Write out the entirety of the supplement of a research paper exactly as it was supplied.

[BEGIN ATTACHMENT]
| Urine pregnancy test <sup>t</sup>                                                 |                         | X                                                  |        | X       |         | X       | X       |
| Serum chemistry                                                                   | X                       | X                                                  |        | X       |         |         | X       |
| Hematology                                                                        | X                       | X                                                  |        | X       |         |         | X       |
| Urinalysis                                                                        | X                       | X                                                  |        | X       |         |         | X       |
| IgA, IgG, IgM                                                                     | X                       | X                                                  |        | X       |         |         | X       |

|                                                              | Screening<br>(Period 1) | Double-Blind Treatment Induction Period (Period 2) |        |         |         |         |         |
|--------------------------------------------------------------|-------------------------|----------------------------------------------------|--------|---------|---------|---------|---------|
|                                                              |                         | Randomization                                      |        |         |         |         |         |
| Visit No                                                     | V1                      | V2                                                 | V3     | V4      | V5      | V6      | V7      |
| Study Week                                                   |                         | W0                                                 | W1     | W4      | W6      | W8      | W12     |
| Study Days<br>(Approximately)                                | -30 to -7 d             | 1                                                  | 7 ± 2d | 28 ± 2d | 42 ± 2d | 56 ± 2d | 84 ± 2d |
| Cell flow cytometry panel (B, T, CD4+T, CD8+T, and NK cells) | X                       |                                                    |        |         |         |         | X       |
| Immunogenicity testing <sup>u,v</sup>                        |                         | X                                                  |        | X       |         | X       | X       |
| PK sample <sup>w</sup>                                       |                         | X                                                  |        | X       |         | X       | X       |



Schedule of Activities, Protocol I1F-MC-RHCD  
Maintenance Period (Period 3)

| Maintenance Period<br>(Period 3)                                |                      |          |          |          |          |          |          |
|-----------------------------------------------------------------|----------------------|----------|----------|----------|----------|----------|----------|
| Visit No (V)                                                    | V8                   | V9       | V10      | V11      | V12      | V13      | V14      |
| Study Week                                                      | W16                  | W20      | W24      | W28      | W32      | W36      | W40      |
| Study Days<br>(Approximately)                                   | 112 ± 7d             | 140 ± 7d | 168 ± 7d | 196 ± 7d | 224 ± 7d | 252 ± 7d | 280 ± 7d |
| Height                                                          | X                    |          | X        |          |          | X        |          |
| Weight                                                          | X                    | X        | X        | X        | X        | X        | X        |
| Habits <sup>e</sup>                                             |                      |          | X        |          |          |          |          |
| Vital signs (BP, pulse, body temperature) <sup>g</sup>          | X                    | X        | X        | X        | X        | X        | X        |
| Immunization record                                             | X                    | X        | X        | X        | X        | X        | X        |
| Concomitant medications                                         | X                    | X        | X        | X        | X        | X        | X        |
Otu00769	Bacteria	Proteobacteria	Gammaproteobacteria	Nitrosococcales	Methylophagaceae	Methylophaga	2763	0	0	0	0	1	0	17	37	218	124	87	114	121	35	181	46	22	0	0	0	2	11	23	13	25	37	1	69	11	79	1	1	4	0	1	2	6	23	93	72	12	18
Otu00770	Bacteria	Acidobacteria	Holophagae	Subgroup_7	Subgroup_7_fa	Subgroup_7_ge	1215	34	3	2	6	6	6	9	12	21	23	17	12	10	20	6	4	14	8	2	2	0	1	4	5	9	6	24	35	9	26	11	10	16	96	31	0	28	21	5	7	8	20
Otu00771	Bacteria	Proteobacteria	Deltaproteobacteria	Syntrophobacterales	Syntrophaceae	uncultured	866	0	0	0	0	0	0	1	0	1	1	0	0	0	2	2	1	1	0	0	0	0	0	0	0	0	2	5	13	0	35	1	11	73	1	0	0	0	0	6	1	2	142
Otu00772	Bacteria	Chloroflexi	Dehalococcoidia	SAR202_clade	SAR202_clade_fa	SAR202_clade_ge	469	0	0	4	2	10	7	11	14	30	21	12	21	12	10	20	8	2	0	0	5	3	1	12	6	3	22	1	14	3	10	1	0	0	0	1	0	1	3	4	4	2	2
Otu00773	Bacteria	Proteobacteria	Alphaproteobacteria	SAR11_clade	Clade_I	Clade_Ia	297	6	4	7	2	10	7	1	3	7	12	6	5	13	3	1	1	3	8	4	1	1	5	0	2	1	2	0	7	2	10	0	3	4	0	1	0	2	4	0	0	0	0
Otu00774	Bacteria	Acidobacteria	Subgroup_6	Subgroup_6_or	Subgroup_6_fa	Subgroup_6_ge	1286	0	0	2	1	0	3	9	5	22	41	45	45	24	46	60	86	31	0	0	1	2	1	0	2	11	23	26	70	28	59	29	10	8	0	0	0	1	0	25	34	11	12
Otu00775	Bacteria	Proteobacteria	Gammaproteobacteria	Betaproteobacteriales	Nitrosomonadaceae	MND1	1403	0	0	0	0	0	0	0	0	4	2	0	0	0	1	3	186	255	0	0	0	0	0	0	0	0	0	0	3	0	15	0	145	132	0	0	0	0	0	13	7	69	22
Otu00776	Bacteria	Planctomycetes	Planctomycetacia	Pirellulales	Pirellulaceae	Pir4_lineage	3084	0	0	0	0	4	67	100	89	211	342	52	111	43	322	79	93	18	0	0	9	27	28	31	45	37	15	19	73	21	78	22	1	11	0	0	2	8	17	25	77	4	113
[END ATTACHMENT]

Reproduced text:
| Urine pregnancy test <sup>t</sup>                                                 |                         | X                                                  |        | X       |         | X       | X       |
| Serum chemistry                                                                   | X                       | X                                                  |        | X       |         |         | X       |
| Hematology                                                                        | X                       | X                                                  |        | X       |         |         | X       |
| Urinalysis                                                                        | X                       | X                                                  |        | X       |         |         | X       |
| IgA, IgG, IgM                                                                     | X                       | X                                                  |        | X       |         |         | X       |

|                                                              | Screening<br>(Period 1) | Double-Blind Treatment Induction Period (Period 2) |        |         |         |         |         |
|--------------------------------------------------------------|-------------------------|----------------------------------------------------|--------|---------|---------|---------|---------|
|                                                              |                         | Randomization                                      |        |         |         |         |         |
| Visit No                                                     | V1                      | V2                                                 | V3     | V4      | V5      | V6      | V7      |
| Study Week                                                   |                         | W0                                                 | W1     | W4      | W6      | W8      | W12     |
| Study Days<br>(Approximately)                                | -30 to -7 d             | 1                                                  | 7 ± 2d | 28 ± 2d | 42 ± 2d | 56 ± 2d | 84 ± 2d |
| Cell flow cytometry panel (B, T, CD4+T, CD8+T, and NK cells) | X                       |                                                    |        |         |         |         | X       |
| Immunogenicity testing <sup>u,v</sup>                        |                         | X                                                  |        | X       |         | X       | X       |
| PK sample <sup>w</sup>                                       |                         | X                                                  |        | X       |         | X       | X       |



Schedule of Activities, Protocol I1F-MC-RHCD  
Maintenance Period (Period 3)

| Maintenance Period<br>(Period 3)                                |                      |          |          |          |          |          |          |
|-----------------------------------------------------------------|----------------------|----------|----------|----------|----------|----------|----------|
| Visit No (V)                                                    | V8                   | V9       | V10      | V11      | V12      | V13      | V14      |
| Study Week                                                      | W16                  | W20      | W24      | W28      | W32      | W36      | W40      |
| Study Days<br>(Approximately)                                   | 112 ± 7d             | 140 ± 7d | 168 ± 7d | 196 ± 7d | 224 ± 7d | 252 ± 7d | 280 ± 7d |
| Height                                                          | X                    |          | X        |          |          | X        |          |
| Weight                                                          | X                    | X        | X        | X        | X        | X        | X        |
| Habits <sup>e</sup>                                             |                      |          | X        |          |          |          |          |
| Vital signs (BP, pulse, body temperature) <sup>g</sup>          | X                    | X        | X        | X        | X        | X        | X        |
| Immunization record                                             | X                    | X        | X        | X        | X        | X        | X        |
| Concomitant medications                                         | X                    | X        | X        | X        | X        | X        | X        |
Otu00769	Bacteria	Proteobacteria	Gammaproteobacteria	Nitrosococcales	Methylophagaceae	Methylophaga	2763	0	0	0	0	1	0	17	37	218	124	87	114	121	35	181	46	22	0	0	0	2	11	23	13	25	37	1	69	11	79	1	1	4	0	1	2	6	23	93	72	12	18
Otu00770	Bacteria	Acidobacteria	Holophagae	Subgroup_7	Subgroup_7_fa	Subgroup_7_ge	1215	34	3	2	6	6	6	9	12	21	23	17	12	10	20	6	4	14	8	2	2	0	1	4	5	9	6	24	35	9	26	11	10	16	96	31	0	28	21	5	7	8	20
Otu00771	Bacteria	Proteobacteria	Deltaproteobacteria	Syntrophobacterales	Syntrophaceae	uncultured	866	0	0	0	0	0	0	1	0	1	1	0	0	0	2	2	1	1	0	0	0	0	0	0	0	0	2	5	13	0	35	1	11	73	1	0	0	0	0	6	1	2	142
Otu00772	Bacteria	Chloroflexi	Dehalococcoidia	SAR202_clade	SAR202_clade_fa	SAR202_clade_ge	469	0	0	4	2	10	7	11	14	30	21	12	21	12	10	20	8	2	0	0	5	3	1	12	6	3	22	1	14	3	10	1	0	0	0	1	0	1	3	4	4	2	2
Otu00773	Bacteria	Proteobacteria	Alphaproteobacteria	SAR11_clade	Clade_I	Clade_Ia	297	6	4	7	2	10	7	1	3	7	12	6	5	13	3	1	1	3	8	4	1	1	5	0	2	1	2	0	7	2	10	0	3	4	0	1	0	2	4	0	0	0	0
Otu00774	Bacteria	Acidobacteria	Subgroup_6	Subgroup_6_or	Subgroup_6_fa	Subgroup_6_ge	1286	0	0	2	1	0	3	9	5	22	41	45	45	24	46	60	86	31	0	0	1	2	1	0	2	11	23	26	70	28	59	29	10	8	0	0	0	1	0	25	34	11	12
Otu00775	Bacteria	Proteobacteria	Gammaproteobacteria	Betaproteobacteriales	Nitrosomonadaceae	MND1	1403	0	0	0	0	0	0	0	0	4	2	0	0	0	1	3	186	255	0	0	0	0	0	0	0	0	0	0	3	0	15	0	145	132	0	0	0	0	0	13	7	69	22
Otu00776	Bacteria	Planctomycetes	Planctomycetacia	Pirellulales	Pirellulaceae	Pir4_lineage	3084	0	0	0	0	4	67	100	89	211	342	52	111	43	322	79	93	18	0	0	9	27	28	31	45	37	15	19	73	21	78	22	1	11	0	0	2	8	17	25	77	4	113